What Audiobook Do You Think Does The Source Material The Most Justice?
Posted on 21st of August, 2018


I never enjoyed listening to audiobooks as it felt to me that you are removing the most enjoyable aspect of a book, namely the reading. I also got very irritated trying to listen to a book versus just reading it as I can read much faster than whoever is narrating the book. This all changed when I listened to the audiobook for Ready Player One by Ernest Cline for the first time. It was a gift from a friend who knew that I was big on online gaming, so I decided to give it a fair shot as the premise of the book sounded just right for my taste. The plan was to start listening to the book on my way to college in the mornings and, if I liked the story, but hate the narrator, I would simply get the book and continue reading myself. After I started listening to the book I couldn't help but feel that I know the voice of the narrator and, sure enough, it turned out to be Wil Wheaton, who used to star in Star Trek: The Next Generation. The story itself is obviously amazing and it blew me away (remember this was long before the movie ever came out), but listening to it being read by Wil, who is a huge gaming fan himself, was a treat. I don't have a lot of audiobooks I can recommend, but this is by far the best I have encountered.
Call me strange, but instead of favorite audiobooks, I have favorite audiobook narrators and I tend to listen to audiobooks from my favorites, whether it is something that I would normally be drawn to or not. I've discovered some great books this way, but I can understand that not everyone would have a good time with this method. These are just a few of my absolute favorites.

The Harry Potter Series narrated by Jim Dale - If you are a fan of audiobooks and listened to the Harry Potter series, then Jim Dale will be your hero. This man has done an absolutely incredible job of reading the books in a way that captures all the imagination that the author intended. My parents read the first Hary Potter book to me, but I was bugging them so much to hear the rest that they ended up buying me the audiobooks on CD to spare their voices. Listening to Jim Dale eventually felt like I was listening to a beloved uncle or grandfather telling me stories and the way he handled all the different voices in the books are great. Other books I listened to just because of Jim Dale are The Night Circus, Around The World in Eighty Days, and A Christmas Carol.

The Dark Tower series narrated by Frank Muller - Not only did Frank Muller have a great voice, but he narrated a huge number of great audiobooks. My favorites are the Dark Tower books by Stephen King, but Muller also narrated a lot of other Stephen King books as well as books by Nicholas Sparks, John Le Carre, Anne Rice, Robert Ludlum and even George R. R. Martin. It was an absolute tragedy that he died in that motorcycle accident as I think he still had plenty of good audiobook readings left in him.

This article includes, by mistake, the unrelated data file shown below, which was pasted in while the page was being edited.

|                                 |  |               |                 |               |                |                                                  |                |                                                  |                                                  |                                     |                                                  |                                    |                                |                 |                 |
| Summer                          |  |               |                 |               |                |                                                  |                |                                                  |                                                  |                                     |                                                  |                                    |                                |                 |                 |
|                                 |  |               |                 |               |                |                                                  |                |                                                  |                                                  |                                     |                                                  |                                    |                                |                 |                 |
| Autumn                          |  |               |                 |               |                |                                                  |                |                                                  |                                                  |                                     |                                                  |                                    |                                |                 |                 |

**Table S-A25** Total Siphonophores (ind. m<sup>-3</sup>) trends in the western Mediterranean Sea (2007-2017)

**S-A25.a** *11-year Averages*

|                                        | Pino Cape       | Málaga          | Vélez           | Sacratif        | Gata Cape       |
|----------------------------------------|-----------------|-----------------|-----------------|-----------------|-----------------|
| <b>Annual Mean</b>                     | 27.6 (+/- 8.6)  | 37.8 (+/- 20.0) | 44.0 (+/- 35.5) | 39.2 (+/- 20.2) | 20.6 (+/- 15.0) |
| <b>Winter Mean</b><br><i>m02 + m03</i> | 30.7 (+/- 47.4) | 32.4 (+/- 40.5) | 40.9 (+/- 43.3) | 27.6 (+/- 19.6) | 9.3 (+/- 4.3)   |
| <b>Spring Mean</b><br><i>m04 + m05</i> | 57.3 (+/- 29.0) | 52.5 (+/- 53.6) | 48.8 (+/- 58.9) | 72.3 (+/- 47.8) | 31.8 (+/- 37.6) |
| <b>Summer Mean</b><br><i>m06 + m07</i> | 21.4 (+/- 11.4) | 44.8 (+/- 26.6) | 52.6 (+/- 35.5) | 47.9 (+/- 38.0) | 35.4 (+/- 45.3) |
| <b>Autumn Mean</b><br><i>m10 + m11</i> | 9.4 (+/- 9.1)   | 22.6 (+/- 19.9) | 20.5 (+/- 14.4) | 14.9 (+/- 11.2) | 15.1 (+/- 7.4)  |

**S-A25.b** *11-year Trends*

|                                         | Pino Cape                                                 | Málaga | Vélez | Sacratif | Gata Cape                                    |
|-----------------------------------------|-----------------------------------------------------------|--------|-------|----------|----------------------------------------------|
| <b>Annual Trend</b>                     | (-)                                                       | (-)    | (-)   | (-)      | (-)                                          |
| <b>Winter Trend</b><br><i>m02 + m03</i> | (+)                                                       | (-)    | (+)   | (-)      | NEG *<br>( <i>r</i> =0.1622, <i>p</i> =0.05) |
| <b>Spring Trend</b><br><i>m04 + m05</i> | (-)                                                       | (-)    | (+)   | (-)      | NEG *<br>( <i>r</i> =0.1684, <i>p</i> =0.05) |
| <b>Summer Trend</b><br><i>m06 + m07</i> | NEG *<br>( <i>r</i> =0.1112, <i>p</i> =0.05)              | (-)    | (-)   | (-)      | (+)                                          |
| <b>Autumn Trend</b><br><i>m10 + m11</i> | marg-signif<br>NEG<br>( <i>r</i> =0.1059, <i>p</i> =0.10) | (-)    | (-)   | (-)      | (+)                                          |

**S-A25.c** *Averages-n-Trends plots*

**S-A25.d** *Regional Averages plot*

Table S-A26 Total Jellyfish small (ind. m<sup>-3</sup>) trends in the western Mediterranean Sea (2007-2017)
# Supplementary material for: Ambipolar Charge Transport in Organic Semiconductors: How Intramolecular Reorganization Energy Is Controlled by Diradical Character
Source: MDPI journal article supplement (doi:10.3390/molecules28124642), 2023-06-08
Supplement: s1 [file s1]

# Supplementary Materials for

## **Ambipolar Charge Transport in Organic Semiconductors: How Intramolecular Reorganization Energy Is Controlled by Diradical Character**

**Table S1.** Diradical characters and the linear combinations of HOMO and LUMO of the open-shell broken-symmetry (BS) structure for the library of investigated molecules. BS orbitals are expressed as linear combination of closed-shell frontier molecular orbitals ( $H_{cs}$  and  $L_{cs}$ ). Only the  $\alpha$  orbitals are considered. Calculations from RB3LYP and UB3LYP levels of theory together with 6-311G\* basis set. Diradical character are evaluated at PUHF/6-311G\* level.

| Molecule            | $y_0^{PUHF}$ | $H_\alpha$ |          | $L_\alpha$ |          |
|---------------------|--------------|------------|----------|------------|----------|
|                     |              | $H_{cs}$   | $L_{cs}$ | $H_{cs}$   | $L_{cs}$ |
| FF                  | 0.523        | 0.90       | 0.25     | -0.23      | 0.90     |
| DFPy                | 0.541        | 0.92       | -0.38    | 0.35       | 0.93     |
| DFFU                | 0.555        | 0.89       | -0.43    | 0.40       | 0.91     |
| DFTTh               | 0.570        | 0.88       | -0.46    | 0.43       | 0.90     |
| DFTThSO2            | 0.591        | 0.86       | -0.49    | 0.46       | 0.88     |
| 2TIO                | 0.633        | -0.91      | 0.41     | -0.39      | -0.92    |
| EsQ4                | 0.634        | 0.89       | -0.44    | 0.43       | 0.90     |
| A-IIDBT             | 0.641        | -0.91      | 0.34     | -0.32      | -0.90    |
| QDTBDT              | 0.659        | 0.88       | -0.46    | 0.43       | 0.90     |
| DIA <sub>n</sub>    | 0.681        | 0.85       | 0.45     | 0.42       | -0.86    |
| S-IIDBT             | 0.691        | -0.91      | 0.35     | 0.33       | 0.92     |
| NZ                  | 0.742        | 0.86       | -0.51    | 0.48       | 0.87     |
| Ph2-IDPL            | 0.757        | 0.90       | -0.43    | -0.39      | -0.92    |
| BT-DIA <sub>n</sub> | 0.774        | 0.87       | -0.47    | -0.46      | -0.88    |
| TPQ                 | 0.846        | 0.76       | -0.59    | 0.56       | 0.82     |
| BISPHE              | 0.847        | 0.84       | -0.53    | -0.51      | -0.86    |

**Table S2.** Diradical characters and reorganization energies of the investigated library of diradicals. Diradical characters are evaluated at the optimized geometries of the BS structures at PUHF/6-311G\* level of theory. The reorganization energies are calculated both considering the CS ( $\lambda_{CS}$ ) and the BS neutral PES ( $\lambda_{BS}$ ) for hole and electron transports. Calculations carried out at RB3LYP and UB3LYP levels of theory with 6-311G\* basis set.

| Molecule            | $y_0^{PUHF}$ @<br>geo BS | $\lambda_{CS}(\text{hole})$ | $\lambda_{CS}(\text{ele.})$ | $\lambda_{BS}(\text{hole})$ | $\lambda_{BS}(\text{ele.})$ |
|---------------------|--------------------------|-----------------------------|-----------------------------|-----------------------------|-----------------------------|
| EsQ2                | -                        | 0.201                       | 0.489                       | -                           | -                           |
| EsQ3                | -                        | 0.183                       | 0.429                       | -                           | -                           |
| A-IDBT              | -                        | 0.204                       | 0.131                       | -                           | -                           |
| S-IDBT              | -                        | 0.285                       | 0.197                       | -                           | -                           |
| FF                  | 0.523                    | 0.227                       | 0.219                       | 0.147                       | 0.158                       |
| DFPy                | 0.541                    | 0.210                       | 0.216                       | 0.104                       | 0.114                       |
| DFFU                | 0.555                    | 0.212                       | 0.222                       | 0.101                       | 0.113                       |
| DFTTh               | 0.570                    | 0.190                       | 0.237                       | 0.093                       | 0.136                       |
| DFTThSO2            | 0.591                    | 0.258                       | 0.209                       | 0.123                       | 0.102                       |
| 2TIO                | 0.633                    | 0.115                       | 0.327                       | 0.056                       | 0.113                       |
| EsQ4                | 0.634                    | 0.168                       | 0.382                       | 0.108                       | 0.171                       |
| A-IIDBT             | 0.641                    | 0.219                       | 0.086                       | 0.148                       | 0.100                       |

The Outlander series narrated by Davina Porter - Normally I prefer male narrators for my audiobooks as I find their voices more soothing, but for Davina Porter I made an exception. I became totally hooked on the Outlander series thanks to her voice and I was delighted when I discovered that she has narrated a prodigal amount of other books too. I may be wrong, but I believe that she has acted in a number of theater productions, which would explain why she has such a great voice and can inject it with all the right emotions. I also like a lot of the classics that Davina narrated, such as Anna Karenina, Villette, Far From The Madding Crowd, Alice's Adventures in Wonderland, and Madame Bovary.
I am a big fan of audiobooks where the writer himself narrates his work, because I don't think anyone else would be able to capture the mood they were going for as perfectly. Not all authors are blessed with great voices, though, but luckily one of my favorites, Neil Gaiman, is. Just listen to Neverwhere, Norse Mythology and The Graveyard Book for proof.
Do yourself a favor and listen to the World War Z audiobook by Max Brooks. It truly makes me sad that the film version has cast such a shadow over this great book that a lot of people won't even consider reading it because they think it is just as bad. Now I know that I've said in another answer here that I'm not a big fan of films or shows that try and follow their source material word for word, but neither am I very happy with films that completely butcher the plots of the novels they claim to be inspired by. If you are going to use a book as the basis for your story, then I am going to expect you to at least deliver something that is as good, if not better, than the book or else why bother.

*Deep breath* Back to the audiobook, it really is one of the best I've heard in a long, long time and I also suspect that this was the medium that the author had in mind when he wrote it. Unlike a lot of audio books where it is just one person muttering away in monotone, the World War Z audiobook features an entire cast to do the voices for all of the different characters in the story. I'm too young to have ever tuned in to those "radio dramas" that were popular before television came along, but I imagine that the people back then must have gotten a similar kind of thrill from them as I got from this book. There is one small downsight though, I found the World War Z audiobook to be so engrossing that I had to stop listening to it in the car because it was just too distracting!

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